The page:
Australian businesses appear to losing confidence in the economic outlook, according to the latest update of the Dun & Bradstreet’s May Business Expectations Survey.
The release showed that the Business Expectations Index, the average of the survey’s measures of Sales, Profits, Employment and Capital Investment, has fallen to 10.7 points for the third quarter of 2016, down from 12.7 points for Q2 2016 and 17.6 points in the corresponding quarter of 2015.
To put the result of 10.7 in context, D&B says it is still 3.5 points above the 10-year average of 7.3 points. But the continued downtrend is clear.
Worryingly the index which measures actual outcomes “plummeted to a two-and-half-year low of 4.1 points, compared with 12.7 points last quarter”, Dun and Bradstreet said. That ends three consecutive quarters of growth.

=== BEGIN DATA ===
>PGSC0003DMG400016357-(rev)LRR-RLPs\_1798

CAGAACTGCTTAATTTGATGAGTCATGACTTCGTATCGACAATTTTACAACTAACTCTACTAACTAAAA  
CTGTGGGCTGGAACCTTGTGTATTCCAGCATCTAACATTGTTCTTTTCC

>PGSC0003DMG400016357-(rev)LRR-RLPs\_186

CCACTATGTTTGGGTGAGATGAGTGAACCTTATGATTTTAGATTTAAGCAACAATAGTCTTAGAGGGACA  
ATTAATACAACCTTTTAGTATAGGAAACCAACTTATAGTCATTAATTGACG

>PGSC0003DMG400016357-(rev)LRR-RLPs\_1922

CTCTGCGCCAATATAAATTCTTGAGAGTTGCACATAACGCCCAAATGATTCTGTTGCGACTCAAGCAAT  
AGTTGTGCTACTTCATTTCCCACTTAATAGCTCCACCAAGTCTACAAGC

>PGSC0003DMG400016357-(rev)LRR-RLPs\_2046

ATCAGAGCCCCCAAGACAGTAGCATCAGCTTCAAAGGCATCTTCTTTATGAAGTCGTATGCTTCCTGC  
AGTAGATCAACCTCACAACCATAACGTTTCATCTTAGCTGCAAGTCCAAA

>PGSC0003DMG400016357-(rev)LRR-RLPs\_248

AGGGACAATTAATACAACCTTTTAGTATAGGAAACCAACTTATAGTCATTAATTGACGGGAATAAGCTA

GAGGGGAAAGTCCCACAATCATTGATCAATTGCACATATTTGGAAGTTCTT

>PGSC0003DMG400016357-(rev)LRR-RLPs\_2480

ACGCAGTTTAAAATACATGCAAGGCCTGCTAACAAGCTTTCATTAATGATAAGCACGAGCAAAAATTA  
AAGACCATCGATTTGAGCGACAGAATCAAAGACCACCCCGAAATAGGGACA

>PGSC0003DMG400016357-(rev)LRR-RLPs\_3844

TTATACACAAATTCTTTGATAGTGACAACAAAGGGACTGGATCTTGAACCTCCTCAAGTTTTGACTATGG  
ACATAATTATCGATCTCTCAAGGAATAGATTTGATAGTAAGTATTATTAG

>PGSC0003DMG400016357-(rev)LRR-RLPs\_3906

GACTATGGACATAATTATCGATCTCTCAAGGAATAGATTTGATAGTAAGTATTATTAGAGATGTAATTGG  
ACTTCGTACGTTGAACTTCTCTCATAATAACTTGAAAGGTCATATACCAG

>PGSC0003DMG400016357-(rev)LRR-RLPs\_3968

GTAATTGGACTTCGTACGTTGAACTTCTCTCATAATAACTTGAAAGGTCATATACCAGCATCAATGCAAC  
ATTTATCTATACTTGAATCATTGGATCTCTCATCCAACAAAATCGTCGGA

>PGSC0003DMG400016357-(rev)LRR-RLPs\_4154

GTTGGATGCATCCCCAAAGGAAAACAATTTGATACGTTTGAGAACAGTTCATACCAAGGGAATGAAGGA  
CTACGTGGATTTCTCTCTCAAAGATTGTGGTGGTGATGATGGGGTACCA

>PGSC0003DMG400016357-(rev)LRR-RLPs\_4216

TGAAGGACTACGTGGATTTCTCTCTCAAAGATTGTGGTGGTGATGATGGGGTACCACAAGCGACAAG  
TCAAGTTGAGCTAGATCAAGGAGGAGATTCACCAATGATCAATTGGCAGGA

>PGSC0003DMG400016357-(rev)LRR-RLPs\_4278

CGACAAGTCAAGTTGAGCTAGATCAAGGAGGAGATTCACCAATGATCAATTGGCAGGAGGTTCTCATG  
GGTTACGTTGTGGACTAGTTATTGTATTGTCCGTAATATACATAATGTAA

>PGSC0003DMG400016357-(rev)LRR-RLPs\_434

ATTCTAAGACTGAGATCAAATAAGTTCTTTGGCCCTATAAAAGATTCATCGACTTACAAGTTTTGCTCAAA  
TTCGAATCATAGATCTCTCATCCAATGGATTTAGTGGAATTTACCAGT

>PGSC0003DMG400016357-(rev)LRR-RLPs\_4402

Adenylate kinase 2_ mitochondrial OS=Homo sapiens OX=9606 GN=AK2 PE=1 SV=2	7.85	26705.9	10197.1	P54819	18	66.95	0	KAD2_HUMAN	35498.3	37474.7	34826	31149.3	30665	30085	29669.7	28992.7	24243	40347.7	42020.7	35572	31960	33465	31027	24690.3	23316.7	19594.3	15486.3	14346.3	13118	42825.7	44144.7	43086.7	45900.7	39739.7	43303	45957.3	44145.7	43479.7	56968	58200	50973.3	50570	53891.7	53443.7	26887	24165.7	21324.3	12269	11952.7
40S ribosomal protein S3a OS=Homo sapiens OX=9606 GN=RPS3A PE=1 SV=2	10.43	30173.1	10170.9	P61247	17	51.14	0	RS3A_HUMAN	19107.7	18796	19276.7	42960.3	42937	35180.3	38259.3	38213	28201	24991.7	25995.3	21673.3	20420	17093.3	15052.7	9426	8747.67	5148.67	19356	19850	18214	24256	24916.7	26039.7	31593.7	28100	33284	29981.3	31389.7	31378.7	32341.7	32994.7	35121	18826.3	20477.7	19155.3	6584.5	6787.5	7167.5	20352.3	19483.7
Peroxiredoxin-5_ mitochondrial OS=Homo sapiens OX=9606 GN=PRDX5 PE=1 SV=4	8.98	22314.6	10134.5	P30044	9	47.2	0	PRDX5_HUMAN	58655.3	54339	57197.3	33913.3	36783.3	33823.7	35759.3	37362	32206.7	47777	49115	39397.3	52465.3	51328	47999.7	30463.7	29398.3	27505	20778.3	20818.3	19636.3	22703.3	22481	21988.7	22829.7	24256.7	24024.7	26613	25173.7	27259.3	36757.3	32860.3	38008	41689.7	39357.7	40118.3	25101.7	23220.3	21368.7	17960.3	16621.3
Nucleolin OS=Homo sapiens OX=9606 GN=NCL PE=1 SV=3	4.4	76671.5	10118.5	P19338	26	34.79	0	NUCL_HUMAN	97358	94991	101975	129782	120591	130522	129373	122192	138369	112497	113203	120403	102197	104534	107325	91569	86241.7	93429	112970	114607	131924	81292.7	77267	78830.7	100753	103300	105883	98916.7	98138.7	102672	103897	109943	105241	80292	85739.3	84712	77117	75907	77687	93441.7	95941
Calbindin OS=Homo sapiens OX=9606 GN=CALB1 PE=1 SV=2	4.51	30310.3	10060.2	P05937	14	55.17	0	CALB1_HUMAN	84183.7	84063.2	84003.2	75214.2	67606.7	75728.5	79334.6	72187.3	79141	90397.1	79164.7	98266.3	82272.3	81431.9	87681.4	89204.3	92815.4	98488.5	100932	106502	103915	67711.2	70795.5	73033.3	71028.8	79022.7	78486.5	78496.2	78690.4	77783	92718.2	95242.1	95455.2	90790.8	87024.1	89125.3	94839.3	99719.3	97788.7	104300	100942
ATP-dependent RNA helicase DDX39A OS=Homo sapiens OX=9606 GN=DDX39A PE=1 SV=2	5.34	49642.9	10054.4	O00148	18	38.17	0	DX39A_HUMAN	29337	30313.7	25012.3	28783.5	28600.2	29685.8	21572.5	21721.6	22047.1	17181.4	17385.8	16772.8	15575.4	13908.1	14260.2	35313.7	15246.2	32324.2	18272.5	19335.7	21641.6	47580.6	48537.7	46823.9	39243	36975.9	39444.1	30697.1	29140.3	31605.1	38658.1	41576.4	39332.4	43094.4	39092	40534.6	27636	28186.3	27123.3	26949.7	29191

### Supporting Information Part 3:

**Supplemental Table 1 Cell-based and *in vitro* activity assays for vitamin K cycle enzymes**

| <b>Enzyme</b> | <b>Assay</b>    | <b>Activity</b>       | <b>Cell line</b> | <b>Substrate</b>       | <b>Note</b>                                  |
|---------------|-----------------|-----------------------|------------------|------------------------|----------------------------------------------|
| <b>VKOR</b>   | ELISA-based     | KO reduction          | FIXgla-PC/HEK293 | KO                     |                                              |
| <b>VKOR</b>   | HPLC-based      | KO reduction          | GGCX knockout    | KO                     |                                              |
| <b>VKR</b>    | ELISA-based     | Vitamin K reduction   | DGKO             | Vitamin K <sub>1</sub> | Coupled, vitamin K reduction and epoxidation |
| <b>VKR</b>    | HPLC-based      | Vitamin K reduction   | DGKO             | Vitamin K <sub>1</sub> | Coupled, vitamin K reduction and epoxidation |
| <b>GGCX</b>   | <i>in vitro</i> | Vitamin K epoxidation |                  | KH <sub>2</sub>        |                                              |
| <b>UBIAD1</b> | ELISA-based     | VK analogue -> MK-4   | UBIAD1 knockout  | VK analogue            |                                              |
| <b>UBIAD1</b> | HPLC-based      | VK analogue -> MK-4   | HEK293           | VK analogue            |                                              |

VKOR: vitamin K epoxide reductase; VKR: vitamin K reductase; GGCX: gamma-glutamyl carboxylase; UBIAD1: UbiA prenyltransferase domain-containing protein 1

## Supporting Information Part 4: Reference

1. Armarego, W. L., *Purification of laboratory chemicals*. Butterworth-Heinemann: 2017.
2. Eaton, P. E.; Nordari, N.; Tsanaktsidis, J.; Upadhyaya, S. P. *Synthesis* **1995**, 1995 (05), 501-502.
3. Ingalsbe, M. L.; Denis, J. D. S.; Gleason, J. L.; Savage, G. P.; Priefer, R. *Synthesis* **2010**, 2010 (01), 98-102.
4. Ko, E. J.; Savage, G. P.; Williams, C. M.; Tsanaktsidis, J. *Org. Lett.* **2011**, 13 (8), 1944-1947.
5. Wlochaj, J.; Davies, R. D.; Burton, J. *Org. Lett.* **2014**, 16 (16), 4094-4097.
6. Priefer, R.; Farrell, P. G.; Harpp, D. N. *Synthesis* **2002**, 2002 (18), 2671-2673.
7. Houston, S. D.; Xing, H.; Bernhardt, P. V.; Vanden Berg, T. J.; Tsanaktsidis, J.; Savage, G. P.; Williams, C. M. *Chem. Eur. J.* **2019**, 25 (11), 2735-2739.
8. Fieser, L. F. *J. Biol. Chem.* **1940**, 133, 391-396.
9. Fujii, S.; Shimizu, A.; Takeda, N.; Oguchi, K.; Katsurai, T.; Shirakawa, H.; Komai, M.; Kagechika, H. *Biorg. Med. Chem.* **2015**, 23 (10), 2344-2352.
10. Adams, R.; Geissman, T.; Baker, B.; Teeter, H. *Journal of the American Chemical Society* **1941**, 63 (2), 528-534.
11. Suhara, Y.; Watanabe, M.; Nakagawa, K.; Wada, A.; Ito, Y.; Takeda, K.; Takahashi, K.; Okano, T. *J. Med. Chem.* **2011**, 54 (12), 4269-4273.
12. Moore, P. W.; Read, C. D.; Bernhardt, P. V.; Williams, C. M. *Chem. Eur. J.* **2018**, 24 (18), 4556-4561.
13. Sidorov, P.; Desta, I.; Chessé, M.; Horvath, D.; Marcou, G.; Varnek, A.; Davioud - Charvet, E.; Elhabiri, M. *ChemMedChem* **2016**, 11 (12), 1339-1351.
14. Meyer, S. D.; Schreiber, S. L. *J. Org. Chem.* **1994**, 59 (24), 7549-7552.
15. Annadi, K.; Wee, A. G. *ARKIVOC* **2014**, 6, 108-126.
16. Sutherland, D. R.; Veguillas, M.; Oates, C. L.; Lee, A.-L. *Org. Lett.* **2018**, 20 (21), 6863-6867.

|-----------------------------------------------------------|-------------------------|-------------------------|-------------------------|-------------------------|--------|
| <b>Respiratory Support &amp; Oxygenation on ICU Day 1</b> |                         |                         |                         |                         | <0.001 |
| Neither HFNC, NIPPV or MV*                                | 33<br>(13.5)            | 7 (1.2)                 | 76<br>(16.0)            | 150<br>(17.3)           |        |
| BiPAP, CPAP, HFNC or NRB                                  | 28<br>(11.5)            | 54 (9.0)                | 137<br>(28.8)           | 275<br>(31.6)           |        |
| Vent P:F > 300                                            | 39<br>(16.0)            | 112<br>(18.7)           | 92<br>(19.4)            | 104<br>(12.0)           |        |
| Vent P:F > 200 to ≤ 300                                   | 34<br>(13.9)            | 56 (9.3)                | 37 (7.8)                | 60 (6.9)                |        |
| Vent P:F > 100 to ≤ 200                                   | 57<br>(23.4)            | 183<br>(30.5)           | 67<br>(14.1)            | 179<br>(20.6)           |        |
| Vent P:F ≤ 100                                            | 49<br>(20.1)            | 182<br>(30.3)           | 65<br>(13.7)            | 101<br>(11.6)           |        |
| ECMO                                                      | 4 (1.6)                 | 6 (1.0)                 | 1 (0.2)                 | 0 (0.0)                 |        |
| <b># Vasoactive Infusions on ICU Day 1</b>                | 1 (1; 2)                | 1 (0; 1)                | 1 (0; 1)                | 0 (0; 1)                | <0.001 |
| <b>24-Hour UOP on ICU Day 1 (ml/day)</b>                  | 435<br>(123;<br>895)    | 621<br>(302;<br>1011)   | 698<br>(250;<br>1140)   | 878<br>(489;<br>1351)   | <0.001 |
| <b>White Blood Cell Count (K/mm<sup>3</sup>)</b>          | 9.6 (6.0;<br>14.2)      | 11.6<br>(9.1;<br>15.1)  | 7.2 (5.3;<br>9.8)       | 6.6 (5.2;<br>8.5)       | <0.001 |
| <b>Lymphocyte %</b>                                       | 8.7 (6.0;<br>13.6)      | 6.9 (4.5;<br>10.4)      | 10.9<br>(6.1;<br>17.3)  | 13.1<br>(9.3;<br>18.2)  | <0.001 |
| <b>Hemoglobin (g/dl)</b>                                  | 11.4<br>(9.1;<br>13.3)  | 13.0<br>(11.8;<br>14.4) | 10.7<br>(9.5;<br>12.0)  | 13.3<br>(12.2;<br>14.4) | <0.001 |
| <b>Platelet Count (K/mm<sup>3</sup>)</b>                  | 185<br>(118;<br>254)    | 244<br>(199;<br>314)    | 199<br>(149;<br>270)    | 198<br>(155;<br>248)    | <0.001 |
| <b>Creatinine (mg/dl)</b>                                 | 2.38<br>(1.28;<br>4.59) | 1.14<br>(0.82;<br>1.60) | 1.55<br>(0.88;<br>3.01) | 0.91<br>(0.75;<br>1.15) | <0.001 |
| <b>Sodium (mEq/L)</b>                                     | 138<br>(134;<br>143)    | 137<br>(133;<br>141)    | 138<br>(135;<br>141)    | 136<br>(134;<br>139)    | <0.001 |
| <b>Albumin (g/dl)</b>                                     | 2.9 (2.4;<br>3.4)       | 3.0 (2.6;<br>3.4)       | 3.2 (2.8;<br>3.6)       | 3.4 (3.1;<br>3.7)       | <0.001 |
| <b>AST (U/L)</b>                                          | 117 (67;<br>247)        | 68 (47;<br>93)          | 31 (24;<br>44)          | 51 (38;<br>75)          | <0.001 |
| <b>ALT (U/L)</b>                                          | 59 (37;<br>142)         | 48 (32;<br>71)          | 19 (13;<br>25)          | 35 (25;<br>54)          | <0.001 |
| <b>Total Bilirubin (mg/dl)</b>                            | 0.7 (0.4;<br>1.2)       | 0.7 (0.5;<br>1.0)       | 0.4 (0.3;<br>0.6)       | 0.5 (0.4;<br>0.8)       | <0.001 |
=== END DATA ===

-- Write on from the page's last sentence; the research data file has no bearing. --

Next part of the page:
The weakness in the index and actuals suggest that concerns raised over the real level of growth in the economy after the strong first quarter GDP release could be on the money.
Stephen Koukoulas, economic advisor to Dun & Bradstreet, said that the fall in the “actual” measure shows the “performance of the economy has also weakened, which points to a slowing rate of economic growth in the first part of 2016”.
“Of even more concern,” Koukoulas said, “is the fact the weakness appears to have continued into the June quarter with expected sales, profits, employment and selling prices all reaching new lows in the current cyclical downswing. The outlook is deteriorating rapidly.”